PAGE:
Are There Moderate Salafists and Jihadists?

4 MINS READDec 6, 2013 | 01:27 GMT

The United States is trying to recruit moderate Salafist-jihadist rebels in Syria for its fight against al Qaeda, but Washington may not be able to find many willing partners among such ideologues. How well the Obama administration fares in its efforts will ultimately determine the extent to which it can counter al Qaeda-inspired transnational jihadism — and how well it can minimize Iran's benefits now that the two have reached an accord.

On Dec. 3, The Wall Street Journal reported that officials from the West and from the Middle East met with leaders of the Salafist-jihadist militias in Ankara. The next day, Chairman of the U.S. Joint Chiefs of Staff Gen. Martin Dempsey said Washington believed it prudent to search for moderates among Syria's Islamist rebels. A U.S. State Department spokeswoman confirmed that as part of its strategy to negotiate an end to the Syrian conflict, the Obama administration in fact has reached out to Islamist militias that have not been labeled terrorist organizations.

What is a Geopolitical Diary? George Friedman explains.

For Washington, negotiating with jihadists is not entirely unprecedented. In 2007, the administration of George W. Bush secretly met with al Qaeda-aligned tribal militias in Iraq to negotiate an end to the Sunni insurgency. More recently, the Obama administration has been negotiating with the Afghan Taliban to try to craft a power-sharing agreement. The objective in both cases was to separate nationalist jihadist forces from transnational ones.

The same logic applies to Syria. Initially, Washington had supported secular democratic forces — the Free Syrian Army — but quickly withheld some support once it realized that militant Islamists were growing stronger. Washington saw regime change in Damascus as a way to undermine Iran's regional influence, but it did not want to empower al Qaeda further — which partly explains why the United States balked at a military intervention after Aug. 21, when the al Assad regime allegedly attacked the rebels with chemical weapons.

The Saudis are furious with Washington's new behavior toward Syria and its detente with the Iranians. Their anger is somewhat justified; the United States wants to use Iran and its Shiite allies to keep Sunni radicalism in check. But that is not the only explanation for Washington's behavior. The United States wants a balance of power in the region, which has grown more volatile since the Arab Spring. Balance requires working with both sides, and Washington does not wish to see Tehran take advantage of its international rehabilitation by enhancing its regional power.

Thus, the United States needs partners among the Sunnis. What this means is that Washington will need to do business with moderates among the Salafists and jihadists who dominate the Syrian rebel landscape. But finding friends among these rebels will be difficult. The groups are hardly uniform; rather, there are various factions, some of which have cooperated with al Qaeda's two main affiliates in the country, Jabhat al-Nusra and the Islamic State in Iraq and the Levant. Unlike in Egypt and other parts of North Africa, in Syria the Muslim Brotherhood represents only a small fraction of the opposition. Given that the Brotherhood embraces democracy and the notion of the nation-state, it would have been easier for Washington to court.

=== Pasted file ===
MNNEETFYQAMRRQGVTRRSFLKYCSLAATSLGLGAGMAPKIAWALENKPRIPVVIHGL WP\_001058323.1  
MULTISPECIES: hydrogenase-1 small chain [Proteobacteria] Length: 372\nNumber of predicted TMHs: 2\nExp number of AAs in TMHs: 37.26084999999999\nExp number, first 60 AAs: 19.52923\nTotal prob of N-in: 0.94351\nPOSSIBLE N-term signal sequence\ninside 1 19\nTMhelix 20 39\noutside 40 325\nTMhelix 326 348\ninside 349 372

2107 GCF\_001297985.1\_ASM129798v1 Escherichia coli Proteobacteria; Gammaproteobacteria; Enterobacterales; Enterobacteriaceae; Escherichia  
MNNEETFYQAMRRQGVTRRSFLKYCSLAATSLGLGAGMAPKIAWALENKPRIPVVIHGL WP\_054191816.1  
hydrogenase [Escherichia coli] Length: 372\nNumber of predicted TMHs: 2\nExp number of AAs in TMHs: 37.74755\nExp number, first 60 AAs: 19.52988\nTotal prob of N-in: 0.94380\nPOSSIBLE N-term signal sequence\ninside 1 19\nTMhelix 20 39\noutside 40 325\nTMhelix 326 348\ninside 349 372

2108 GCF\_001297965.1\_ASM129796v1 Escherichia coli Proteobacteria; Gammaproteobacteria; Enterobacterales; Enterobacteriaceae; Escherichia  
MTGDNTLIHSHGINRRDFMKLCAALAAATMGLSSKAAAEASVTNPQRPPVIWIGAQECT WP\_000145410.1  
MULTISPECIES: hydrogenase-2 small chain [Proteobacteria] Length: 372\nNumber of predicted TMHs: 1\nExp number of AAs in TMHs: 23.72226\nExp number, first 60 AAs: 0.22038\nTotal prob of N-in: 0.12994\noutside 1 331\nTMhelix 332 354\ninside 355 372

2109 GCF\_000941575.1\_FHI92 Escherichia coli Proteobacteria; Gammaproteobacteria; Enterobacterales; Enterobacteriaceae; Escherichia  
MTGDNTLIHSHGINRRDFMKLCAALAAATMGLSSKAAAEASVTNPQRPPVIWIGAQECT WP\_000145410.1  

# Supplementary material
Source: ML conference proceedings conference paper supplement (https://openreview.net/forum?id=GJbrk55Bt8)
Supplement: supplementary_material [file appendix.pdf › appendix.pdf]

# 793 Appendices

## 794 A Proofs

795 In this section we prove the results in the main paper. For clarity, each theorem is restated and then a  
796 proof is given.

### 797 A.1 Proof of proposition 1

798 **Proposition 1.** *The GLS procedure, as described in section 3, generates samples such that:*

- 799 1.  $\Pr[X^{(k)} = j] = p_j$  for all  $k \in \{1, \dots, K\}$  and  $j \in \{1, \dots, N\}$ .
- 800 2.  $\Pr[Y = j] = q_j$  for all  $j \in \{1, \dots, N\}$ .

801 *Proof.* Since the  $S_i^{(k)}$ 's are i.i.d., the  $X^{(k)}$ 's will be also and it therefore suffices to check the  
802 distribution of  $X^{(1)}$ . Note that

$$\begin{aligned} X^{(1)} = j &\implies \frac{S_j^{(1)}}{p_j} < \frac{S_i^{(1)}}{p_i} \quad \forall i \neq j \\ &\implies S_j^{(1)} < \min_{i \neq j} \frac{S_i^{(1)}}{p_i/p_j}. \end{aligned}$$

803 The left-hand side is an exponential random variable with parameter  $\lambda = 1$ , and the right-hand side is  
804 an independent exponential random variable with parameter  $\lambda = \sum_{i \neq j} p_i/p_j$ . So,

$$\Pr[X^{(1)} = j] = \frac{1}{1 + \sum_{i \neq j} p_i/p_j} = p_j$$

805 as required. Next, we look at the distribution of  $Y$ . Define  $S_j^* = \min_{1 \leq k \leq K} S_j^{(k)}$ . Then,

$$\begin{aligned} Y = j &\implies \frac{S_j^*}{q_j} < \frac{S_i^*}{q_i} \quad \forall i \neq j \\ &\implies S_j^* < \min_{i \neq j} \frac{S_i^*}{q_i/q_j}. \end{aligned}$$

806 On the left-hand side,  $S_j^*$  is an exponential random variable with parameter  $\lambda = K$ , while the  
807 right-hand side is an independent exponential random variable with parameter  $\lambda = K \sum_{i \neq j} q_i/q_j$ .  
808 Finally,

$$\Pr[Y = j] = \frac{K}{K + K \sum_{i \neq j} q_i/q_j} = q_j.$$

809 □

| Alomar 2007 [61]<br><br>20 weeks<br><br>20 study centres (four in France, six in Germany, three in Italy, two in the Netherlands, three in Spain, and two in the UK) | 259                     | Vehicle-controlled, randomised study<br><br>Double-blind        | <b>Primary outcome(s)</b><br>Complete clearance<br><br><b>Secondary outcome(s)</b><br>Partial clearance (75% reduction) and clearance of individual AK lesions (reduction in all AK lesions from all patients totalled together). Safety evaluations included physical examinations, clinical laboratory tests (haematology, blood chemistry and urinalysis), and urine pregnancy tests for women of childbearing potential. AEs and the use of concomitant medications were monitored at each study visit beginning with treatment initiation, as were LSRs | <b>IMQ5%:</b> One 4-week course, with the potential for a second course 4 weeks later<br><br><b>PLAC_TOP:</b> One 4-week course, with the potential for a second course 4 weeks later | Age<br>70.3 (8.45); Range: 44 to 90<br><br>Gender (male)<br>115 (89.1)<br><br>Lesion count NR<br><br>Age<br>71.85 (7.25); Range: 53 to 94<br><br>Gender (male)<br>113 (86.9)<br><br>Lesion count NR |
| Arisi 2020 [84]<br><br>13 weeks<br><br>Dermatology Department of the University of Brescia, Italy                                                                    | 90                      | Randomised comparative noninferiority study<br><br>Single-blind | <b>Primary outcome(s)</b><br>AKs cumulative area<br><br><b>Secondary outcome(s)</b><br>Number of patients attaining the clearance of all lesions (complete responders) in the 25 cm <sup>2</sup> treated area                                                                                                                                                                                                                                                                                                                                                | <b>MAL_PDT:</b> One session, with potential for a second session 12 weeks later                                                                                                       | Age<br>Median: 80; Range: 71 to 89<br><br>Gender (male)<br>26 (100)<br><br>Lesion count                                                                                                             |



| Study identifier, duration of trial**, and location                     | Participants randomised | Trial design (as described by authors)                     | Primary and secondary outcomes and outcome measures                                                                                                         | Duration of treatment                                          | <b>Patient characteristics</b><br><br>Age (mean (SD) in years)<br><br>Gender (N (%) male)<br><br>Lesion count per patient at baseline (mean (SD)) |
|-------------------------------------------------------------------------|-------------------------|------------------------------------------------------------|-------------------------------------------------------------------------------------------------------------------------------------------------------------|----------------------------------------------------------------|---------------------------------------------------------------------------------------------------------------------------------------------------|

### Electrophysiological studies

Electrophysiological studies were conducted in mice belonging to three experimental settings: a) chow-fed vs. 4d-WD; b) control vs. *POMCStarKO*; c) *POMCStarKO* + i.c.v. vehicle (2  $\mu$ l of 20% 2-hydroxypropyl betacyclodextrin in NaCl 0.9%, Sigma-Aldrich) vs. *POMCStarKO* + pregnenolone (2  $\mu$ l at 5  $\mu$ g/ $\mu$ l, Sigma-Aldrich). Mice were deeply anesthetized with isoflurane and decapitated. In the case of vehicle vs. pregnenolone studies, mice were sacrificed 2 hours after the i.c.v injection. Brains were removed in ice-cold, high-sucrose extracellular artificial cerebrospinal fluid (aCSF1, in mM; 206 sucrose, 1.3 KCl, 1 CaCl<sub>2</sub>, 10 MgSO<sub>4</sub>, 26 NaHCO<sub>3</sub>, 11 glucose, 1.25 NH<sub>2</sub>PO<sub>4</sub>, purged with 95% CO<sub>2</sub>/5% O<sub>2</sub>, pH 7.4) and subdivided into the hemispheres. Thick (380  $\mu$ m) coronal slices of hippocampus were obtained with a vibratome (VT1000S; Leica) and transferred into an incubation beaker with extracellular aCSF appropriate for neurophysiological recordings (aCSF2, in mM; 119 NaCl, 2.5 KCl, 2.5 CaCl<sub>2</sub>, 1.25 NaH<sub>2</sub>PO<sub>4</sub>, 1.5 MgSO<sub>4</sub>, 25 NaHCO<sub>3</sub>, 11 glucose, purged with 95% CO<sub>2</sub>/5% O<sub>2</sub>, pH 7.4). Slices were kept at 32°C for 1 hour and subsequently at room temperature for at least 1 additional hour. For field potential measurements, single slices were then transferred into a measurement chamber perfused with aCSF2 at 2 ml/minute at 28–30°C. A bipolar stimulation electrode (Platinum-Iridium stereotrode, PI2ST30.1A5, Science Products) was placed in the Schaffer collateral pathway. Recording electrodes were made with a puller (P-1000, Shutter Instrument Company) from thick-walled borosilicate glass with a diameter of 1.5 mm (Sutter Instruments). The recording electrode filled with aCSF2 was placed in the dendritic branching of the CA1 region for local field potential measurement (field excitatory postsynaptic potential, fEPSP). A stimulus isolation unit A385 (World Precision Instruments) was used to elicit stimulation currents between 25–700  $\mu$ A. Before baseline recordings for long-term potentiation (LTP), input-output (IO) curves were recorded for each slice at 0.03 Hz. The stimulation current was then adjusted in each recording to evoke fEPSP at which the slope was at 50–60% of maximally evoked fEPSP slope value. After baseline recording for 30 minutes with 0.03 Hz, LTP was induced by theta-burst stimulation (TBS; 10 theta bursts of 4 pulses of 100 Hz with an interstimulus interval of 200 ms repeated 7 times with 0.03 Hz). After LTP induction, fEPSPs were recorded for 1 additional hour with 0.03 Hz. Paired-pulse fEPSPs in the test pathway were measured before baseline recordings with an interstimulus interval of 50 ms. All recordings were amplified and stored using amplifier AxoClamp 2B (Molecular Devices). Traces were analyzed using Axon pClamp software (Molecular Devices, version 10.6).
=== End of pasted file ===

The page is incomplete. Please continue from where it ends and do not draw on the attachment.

But since most Syrian rebel groups subscribe to some version of Salafist-jihadism, the search for moderates becomes even harder. Of course, there is the example of Egypt's largest Salafist group, Hizb al-Nour, which became more moderate after it aligned with the Egyptian military. But this is a specious comparison because Hizb al-Nour, unlike many Syrian rebel groups, is a socio-political movement, not a jihadist movement.

For the Saudis, U.S. efforts to cooperate with Salafist-jihadists that oppose al Qaeda offer some hope: Iran may not take a preponderant role in the region. Riyadh has been working hard to bring together Salafist-jihadist rebels who are strong enough to fight the al Assad regime and simultaneously counter al Qaeda's agenda — namely, turning the region into a base for a larger, future caliphate. The Saudis are much better suited than the Americans to foster moderate Salafist-jihadists. But even still, the ideological landscape is fluid, and there is only so much the kingdom can do.

Thus, it is going to be extremely difficult to cultivate moderate Salafist-jihadists relationships. In the meantime, Iran will respond by activating some of its Shiite Islamist militias, which now include fighters from Afghanistan. The search for moderate Salafist-jihadists could very well end up aggravating the ongoing regional conflict and empowering transnational jihadism even further.  

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